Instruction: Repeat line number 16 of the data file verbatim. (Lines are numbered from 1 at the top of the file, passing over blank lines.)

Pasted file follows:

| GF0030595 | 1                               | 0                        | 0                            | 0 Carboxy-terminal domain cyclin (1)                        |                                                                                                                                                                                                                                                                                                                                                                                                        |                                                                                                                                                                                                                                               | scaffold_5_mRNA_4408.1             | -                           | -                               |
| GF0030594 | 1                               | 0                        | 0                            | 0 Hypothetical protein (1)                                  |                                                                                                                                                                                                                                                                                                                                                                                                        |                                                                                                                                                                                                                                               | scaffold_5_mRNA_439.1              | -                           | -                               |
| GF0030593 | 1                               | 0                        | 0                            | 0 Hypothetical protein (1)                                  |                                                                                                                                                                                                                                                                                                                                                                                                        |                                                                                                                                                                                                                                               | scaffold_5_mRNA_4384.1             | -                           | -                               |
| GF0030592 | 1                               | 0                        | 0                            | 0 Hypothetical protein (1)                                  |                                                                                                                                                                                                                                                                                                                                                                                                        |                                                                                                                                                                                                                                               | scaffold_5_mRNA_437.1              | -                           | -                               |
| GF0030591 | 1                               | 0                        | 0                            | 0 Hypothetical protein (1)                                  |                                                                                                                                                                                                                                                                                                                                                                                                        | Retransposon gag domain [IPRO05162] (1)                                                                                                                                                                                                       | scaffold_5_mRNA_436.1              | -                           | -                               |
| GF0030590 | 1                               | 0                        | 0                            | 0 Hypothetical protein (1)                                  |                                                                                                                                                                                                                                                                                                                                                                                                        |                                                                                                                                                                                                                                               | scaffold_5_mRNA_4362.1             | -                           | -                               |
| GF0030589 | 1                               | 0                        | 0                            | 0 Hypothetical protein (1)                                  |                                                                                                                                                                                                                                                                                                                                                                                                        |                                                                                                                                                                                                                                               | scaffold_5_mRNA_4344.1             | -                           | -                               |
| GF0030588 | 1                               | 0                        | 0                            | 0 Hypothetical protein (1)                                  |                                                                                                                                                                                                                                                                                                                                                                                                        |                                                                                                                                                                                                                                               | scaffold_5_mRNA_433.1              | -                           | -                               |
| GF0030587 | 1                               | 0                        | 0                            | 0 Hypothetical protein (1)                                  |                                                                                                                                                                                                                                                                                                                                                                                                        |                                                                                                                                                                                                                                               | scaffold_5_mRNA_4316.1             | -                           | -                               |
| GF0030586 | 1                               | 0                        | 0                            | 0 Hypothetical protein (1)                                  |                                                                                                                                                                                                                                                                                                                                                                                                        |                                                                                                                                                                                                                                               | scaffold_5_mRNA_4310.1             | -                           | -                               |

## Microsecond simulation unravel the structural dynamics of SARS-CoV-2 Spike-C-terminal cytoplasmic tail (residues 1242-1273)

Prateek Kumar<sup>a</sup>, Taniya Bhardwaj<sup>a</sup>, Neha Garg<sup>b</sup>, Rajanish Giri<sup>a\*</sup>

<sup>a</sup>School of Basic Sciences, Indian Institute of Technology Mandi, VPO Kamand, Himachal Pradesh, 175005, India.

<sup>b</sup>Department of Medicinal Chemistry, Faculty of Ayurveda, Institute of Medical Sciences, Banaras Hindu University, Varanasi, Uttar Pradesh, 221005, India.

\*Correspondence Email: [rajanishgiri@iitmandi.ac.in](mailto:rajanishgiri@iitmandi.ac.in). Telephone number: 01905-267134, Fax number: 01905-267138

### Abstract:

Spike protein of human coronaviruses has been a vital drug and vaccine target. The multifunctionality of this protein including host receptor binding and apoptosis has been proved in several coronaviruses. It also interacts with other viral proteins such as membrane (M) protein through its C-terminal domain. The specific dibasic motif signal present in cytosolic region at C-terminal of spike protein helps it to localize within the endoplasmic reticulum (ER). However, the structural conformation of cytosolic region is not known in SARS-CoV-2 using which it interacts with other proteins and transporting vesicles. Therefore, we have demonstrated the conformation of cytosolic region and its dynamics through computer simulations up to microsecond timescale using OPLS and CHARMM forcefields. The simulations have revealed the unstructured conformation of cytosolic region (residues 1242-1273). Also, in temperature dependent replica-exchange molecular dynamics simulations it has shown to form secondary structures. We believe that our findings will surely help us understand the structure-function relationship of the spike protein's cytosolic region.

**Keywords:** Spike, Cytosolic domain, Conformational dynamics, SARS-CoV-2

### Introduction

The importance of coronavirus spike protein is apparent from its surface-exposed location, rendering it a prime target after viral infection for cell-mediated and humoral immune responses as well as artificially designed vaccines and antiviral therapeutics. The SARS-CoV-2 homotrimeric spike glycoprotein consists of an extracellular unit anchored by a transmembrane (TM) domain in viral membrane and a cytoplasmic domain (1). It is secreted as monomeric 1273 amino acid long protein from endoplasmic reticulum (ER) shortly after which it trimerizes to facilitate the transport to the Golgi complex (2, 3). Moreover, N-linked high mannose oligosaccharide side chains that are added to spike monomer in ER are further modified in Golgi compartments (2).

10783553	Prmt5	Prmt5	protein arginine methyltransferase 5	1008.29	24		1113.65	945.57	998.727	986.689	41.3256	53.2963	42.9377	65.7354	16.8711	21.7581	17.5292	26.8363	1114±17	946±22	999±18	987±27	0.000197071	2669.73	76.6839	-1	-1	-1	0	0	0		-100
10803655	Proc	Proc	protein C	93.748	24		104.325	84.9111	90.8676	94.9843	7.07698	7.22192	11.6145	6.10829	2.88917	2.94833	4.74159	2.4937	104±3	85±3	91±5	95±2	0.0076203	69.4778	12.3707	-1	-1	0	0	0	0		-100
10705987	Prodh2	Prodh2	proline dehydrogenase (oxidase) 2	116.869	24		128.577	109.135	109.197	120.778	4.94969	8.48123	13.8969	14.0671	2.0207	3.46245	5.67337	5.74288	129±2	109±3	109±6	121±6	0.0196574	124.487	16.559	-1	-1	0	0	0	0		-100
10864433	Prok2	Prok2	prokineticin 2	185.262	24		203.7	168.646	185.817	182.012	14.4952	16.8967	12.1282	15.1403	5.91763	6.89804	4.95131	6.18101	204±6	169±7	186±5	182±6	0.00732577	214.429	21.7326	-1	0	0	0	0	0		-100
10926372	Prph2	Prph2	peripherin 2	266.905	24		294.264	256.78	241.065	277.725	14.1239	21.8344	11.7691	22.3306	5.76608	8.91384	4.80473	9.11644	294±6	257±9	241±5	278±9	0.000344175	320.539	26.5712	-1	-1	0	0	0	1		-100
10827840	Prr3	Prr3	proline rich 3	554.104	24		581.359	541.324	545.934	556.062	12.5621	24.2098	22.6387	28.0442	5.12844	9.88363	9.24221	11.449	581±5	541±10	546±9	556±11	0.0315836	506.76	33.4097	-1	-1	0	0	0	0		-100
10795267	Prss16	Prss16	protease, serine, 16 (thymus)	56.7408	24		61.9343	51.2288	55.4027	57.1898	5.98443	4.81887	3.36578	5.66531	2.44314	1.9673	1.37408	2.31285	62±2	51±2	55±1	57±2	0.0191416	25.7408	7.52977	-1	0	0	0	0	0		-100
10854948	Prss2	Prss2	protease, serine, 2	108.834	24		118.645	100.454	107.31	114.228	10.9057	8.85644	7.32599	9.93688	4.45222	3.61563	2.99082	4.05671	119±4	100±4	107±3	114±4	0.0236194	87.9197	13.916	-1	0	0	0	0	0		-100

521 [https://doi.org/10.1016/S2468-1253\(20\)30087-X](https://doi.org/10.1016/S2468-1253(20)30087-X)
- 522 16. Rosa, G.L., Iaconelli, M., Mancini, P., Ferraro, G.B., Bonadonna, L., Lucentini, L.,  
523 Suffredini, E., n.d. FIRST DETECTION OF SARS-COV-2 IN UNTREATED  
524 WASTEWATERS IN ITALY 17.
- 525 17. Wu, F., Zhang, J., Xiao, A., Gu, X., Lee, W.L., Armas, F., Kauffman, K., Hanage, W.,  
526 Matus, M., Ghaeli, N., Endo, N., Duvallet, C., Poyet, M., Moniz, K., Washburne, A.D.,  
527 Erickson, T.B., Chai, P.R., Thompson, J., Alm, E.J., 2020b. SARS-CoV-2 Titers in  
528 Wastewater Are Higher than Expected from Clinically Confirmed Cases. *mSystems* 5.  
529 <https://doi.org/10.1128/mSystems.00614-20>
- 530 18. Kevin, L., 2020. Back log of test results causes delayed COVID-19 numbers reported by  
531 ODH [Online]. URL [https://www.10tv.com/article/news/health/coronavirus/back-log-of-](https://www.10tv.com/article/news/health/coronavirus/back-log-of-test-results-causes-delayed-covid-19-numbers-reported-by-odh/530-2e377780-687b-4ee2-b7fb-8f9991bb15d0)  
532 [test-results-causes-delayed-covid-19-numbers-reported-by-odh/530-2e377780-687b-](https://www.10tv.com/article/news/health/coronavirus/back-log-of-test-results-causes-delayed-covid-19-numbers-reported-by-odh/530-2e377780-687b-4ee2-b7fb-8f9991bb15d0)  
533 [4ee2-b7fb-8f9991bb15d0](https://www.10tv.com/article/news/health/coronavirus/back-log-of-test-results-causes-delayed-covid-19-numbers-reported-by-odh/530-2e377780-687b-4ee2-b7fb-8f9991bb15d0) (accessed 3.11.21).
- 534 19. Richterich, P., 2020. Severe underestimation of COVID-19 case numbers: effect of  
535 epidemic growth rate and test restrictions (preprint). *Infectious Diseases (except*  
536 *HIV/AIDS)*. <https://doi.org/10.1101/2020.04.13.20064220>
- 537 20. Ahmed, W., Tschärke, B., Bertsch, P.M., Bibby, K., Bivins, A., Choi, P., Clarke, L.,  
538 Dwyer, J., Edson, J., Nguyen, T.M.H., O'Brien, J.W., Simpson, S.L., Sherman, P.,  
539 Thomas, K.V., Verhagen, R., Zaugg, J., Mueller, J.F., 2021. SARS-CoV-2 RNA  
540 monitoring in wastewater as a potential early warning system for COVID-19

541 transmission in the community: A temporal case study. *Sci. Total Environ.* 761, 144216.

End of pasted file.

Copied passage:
### Abstract: